Update Tuesday, 2 August, 23:24 EDT

Bruce Schneier also has a blog post on the attack against PLC-based systems in prisons.  He says, reasonably, that this is a minor risk at present.   Stuxnet was very sophisticated, and developing an equivalent for a different environment is not a trivial task. Nonetheless, the long-term lesson is clear.

As we move from mechanical, or even electro-mechanical, systems to digital systems, and as we network those digital systems, this sort of vulnerability is going to only become more common.

Think about an old-fashioned warded lock.  The technology was not sophisticated, and the lock wasn’t hard to pick — but, as the saying goes, you had to be there.  It is a truism of security that attacks only get better over time, and interconnected digital systems let a lot more players in on the action.


Make ‘Em Pay

July 30, 2011

I’ve written here often about the many aspects of the problem of software security, and have suggested that one important factor contributing to the often woeful state of security is our old friend, the economic externality.  Often, the costs of a security failure are borne by someone other than the developer or vendor of a piece of software; the direct benefit, to the producer, of fixing a security flaw may be less than the cost of fixing it.  Especially when it is difficult for the customer to evaluate the product’s security in advance, the market may deliver less than the optimal level of security.

Ars Technica has a good article, in its “Law & Disorder” blog, discussing some of these same issues.  (The author is Timothy B. Lee, and features a discussion with Prof J. Alex Halderman of the University of Michigan.  Both have posted regularly at Freedom to Tinker, the blog run by Princeton’s Center for Information Technology Policy.)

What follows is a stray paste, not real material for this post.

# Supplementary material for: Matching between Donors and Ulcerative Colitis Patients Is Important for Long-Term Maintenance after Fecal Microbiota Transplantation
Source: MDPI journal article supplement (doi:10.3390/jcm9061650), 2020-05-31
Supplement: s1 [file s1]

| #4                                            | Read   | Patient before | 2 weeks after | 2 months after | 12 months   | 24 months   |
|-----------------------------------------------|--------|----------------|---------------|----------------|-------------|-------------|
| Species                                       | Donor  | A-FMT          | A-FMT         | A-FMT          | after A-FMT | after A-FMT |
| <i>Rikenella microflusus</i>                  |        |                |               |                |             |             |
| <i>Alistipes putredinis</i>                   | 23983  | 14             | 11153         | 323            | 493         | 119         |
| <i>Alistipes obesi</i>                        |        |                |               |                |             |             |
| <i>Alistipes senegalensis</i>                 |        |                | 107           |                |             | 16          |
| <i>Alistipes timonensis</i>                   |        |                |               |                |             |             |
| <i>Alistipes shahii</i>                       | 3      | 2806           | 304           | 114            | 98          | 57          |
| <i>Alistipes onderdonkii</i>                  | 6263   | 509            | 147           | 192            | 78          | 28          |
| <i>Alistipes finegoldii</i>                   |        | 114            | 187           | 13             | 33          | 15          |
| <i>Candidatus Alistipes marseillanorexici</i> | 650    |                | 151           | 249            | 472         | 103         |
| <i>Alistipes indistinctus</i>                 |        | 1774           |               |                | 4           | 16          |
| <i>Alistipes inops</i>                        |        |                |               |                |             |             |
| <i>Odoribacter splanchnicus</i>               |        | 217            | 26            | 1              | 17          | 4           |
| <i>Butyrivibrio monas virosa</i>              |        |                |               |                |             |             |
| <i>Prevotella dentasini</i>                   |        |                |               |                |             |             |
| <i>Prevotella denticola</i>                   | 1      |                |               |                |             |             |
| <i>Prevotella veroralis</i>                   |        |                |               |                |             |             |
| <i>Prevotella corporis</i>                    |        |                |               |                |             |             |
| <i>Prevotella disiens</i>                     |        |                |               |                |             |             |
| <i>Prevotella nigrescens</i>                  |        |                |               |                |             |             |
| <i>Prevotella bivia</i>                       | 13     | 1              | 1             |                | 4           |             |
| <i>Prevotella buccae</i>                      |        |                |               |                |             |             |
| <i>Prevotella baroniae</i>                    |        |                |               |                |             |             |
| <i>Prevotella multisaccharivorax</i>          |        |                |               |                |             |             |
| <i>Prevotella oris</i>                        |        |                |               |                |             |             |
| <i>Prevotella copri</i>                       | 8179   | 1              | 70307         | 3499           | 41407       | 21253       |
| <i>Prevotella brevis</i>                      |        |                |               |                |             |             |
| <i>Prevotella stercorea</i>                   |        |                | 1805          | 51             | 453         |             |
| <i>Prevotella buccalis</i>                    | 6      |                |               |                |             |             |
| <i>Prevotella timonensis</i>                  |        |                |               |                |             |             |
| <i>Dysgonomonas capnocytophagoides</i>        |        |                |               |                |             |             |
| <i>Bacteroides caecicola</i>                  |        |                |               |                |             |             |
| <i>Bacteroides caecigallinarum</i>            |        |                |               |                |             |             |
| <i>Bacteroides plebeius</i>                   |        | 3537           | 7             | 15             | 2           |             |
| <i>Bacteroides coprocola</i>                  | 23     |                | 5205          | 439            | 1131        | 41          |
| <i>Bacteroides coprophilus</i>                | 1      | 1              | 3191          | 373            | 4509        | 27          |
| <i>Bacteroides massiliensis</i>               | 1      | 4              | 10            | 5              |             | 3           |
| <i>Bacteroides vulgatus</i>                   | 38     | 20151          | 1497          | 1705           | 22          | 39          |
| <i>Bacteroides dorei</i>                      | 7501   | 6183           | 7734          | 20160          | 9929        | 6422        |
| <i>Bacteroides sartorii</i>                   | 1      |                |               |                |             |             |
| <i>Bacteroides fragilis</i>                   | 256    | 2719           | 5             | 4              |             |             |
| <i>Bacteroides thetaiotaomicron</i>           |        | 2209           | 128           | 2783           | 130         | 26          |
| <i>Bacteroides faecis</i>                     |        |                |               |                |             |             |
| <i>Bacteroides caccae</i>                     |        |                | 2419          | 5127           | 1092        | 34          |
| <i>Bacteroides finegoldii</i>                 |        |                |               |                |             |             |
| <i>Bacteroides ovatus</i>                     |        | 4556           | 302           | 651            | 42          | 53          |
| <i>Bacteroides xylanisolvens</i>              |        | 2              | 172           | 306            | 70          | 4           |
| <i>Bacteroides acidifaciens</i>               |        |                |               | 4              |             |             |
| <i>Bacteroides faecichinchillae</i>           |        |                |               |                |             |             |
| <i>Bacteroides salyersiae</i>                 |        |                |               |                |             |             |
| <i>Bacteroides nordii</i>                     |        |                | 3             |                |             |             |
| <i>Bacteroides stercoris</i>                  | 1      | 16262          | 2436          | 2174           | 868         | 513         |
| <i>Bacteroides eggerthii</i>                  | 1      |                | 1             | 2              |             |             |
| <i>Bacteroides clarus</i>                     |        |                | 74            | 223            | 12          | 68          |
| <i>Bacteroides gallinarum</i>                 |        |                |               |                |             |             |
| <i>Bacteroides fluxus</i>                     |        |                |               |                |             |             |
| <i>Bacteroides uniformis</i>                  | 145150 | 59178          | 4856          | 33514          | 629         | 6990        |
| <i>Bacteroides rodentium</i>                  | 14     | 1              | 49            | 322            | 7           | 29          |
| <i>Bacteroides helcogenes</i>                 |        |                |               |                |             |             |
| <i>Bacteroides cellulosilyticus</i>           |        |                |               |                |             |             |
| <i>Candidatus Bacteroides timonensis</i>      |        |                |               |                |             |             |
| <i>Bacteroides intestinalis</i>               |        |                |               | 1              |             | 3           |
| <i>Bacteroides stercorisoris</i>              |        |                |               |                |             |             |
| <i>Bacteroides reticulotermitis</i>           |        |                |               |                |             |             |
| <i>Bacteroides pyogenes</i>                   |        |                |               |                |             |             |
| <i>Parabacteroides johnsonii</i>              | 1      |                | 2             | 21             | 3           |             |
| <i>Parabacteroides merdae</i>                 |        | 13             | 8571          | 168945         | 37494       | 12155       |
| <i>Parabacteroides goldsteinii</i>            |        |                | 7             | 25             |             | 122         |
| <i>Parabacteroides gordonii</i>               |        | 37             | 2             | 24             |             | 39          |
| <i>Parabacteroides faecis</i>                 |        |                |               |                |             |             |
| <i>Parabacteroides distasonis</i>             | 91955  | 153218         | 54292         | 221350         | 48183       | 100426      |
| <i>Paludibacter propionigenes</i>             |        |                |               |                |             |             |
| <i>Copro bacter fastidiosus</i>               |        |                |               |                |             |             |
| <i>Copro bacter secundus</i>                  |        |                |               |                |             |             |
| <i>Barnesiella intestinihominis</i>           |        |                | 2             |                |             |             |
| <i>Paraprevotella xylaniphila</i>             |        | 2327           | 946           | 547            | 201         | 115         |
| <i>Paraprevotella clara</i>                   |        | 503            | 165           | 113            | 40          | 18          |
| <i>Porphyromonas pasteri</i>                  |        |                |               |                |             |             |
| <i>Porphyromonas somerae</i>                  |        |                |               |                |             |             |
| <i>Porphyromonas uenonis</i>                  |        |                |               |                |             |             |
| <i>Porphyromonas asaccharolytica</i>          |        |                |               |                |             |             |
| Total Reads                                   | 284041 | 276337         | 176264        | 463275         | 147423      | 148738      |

As the article points out, software producers have traditionally not been liable for security or other defects in their products.  This is probably, at least in part, a historical artifact, stemming from the situation in the early days of computing, when (mostly systems) software was bundled with the hardware, and applications were mostly written by the customer.  I can think of no obvious reason that software should be treated differently, in terms of product liability, than any other complex product, such as an automobile.  Today, of course, the situation is complicated by the fact that automobiles, for example, contain a great deal of software.  If the manufacturer decides to replace an electro-mechanical control with a software-based system, should that enable him to discard a liability he previously had?

As Prof. Halderman says, it is probably not reasonable to expect the average software consumer to be able to evaluate a product’s security with any degree of confidence.